The Roundup -

A Fascinating Part Of Yesteryear

 

This second story outhouse sits a block from my house in Virginia City. Originally a short walkway connected this second story building to the main house, so a person didn't have to put on his or her boots and tramp through the snow to answer nature's call.

I love looking at the old barns and outhouses that I see scattered around the country. On the surface it appears that these nostalgic structures have nothing in common, but on reflection, both of these icons of yesteryear represent an earlier life, a time before we thought we had to own a three bedroom two bath house or larger in order to count ourselves a success; a time when people knew how to entertain themselves without the use of computers and smart phones; a time when youngsters could take any object at hand and turn it into a toy to amuse themselves; a time when everyone could write longhand and didn't have to hold a cell phone against their ears or text someone else every minute and a half in order to feel connected.

Barns will go the way of the brontosaurus. Farmers and ranchers no longer require lofts to hold loose hay, they don't need tie stalls to stable their work animals, they need no shelter to house the family milk cow, nor do they need a place to raise the pig they intend to butcher in the fall. Barns as our grandparents knew them have become obsolete, replaced by pole barns and other outbuildings that house tractors and other farm machinery.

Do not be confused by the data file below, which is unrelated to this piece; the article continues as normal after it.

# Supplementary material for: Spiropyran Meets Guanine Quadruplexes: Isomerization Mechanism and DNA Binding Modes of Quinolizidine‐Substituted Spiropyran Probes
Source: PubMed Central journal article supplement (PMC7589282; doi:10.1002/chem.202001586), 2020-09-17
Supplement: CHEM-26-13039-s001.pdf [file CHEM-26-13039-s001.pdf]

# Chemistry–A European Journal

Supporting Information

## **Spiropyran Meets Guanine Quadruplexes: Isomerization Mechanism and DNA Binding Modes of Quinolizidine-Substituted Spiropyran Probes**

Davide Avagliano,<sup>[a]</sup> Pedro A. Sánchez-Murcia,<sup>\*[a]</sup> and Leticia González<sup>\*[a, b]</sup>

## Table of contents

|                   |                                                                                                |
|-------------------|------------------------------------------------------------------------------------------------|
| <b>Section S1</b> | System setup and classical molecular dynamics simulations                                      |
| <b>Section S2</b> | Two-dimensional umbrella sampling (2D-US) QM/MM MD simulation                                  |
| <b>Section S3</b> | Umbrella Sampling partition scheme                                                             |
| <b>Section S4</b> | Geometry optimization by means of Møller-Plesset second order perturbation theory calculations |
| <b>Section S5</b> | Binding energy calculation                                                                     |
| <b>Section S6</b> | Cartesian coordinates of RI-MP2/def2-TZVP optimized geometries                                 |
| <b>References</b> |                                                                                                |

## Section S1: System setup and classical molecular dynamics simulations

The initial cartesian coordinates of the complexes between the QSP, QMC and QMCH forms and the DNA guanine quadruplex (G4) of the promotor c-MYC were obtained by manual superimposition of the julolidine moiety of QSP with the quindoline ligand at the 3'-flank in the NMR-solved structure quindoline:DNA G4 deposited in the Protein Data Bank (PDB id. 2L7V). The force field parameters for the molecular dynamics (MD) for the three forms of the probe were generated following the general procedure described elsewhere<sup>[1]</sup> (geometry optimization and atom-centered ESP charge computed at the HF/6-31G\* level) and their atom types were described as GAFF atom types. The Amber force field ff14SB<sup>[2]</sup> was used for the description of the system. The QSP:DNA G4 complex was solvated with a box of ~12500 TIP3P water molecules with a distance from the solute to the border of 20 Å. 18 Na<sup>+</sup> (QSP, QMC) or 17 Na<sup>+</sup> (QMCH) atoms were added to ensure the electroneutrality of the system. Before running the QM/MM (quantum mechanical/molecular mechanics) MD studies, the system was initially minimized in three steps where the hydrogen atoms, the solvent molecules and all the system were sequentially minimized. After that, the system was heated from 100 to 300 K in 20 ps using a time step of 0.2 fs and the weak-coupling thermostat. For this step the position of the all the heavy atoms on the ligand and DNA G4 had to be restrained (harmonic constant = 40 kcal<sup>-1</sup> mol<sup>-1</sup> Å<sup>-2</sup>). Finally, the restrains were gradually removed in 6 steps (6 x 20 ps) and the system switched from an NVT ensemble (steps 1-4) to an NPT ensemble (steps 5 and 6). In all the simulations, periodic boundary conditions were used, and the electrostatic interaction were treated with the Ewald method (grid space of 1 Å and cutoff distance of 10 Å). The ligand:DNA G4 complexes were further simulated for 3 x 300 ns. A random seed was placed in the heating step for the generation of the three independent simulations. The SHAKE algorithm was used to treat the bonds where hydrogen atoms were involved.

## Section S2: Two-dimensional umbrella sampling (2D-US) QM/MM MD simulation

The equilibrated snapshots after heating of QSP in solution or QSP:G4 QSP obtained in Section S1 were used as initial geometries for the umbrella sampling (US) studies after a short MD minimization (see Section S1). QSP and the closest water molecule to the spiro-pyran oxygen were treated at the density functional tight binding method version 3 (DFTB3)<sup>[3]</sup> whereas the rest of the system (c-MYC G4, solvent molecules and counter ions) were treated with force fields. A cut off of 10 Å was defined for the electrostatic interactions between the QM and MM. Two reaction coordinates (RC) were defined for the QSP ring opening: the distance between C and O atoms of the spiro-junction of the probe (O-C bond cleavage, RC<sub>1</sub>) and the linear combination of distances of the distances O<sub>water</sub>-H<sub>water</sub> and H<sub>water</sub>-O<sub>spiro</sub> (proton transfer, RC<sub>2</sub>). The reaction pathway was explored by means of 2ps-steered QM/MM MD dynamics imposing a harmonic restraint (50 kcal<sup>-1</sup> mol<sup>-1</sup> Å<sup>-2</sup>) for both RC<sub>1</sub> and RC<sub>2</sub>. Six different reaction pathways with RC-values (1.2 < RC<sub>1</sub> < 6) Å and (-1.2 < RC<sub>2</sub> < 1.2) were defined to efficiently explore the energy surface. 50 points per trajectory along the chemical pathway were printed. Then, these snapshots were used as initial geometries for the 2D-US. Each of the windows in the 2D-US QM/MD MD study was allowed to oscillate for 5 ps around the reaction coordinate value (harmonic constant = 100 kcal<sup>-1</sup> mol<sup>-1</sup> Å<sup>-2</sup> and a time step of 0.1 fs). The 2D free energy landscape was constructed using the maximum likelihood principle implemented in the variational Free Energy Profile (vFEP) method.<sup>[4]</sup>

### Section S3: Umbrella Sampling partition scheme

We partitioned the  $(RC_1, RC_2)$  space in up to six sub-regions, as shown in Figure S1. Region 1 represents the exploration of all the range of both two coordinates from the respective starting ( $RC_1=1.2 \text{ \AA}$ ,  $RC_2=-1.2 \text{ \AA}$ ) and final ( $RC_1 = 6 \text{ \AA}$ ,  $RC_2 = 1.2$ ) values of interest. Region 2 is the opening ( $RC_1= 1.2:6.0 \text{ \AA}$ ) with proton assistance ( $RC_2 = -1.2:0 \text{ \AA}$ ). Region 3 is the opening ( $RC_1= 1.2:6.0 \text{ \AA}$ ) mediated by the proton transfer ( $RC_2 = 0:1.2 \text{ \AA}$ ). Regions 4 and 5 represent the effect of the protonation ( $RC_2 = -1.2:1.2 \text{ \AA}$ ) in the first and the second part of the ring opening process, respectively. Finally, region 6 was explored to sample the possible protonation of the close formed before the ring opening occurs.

Outhouses, on the other hand in one form or another will remain part of the human condition for as long as people walk this earth. They may change size and shape, a lot of them have become 'inhouses' rather than outhouses, but humans will always need the services an outhouse or its equivalent provides.

Outhouses come in many shapes, many sizes, and have many names. No other room inside or outside a home can claim that distinction. Regardless of whether we call it a loo, a latrine, a privy, a commode, a potty closet, water closet, can, crapper, Mrs. Murphy, reading room, toilet, biffy, house of relief, house out back, John or Johnnie, powder room, chamber pot, throne or throne room, or a thunder room, everyone knows precisely which room a person has in mind when he or she mentions one of the above words. What other room has so many aliases?

Besides having so many names, outhouses also have many shapes. I've seen A-frames, peaked roof, slanted roof, two story outhouses (originally designed so when the snow got too deep, a person merely had to run up the stairs to find relief), and outhouses built several feet above ground so a person merely walks out a door on the second floor, strides across a short walkway and enters the house of relief.

Then there is the economy one holer, the standard two holer, and the deluxe three holer models. George Washington erected exquisitely designed three holer outhouses still preserved today at Mount Vernon. He built them with bricks and made them spacious enough that when tourists visit Mount Vernon they could mistake these structures for tool sheds or seed houses if they neglected to take a peek inside the buildings.

Many outhouses sport the signature crescent moon carved in the door. This symbol originally meant 'ladies only'. The Greek goddess Diana wore a crescent moon ornament in her hair, so early outhouses adopted this symbol to designate a ladies' room. Men's outhouses used a sun, circle, or star emblem on the door but these emblems went the way of the pterodactyl. The crescent moon, however, remains with us today and adorns many outhouse doors.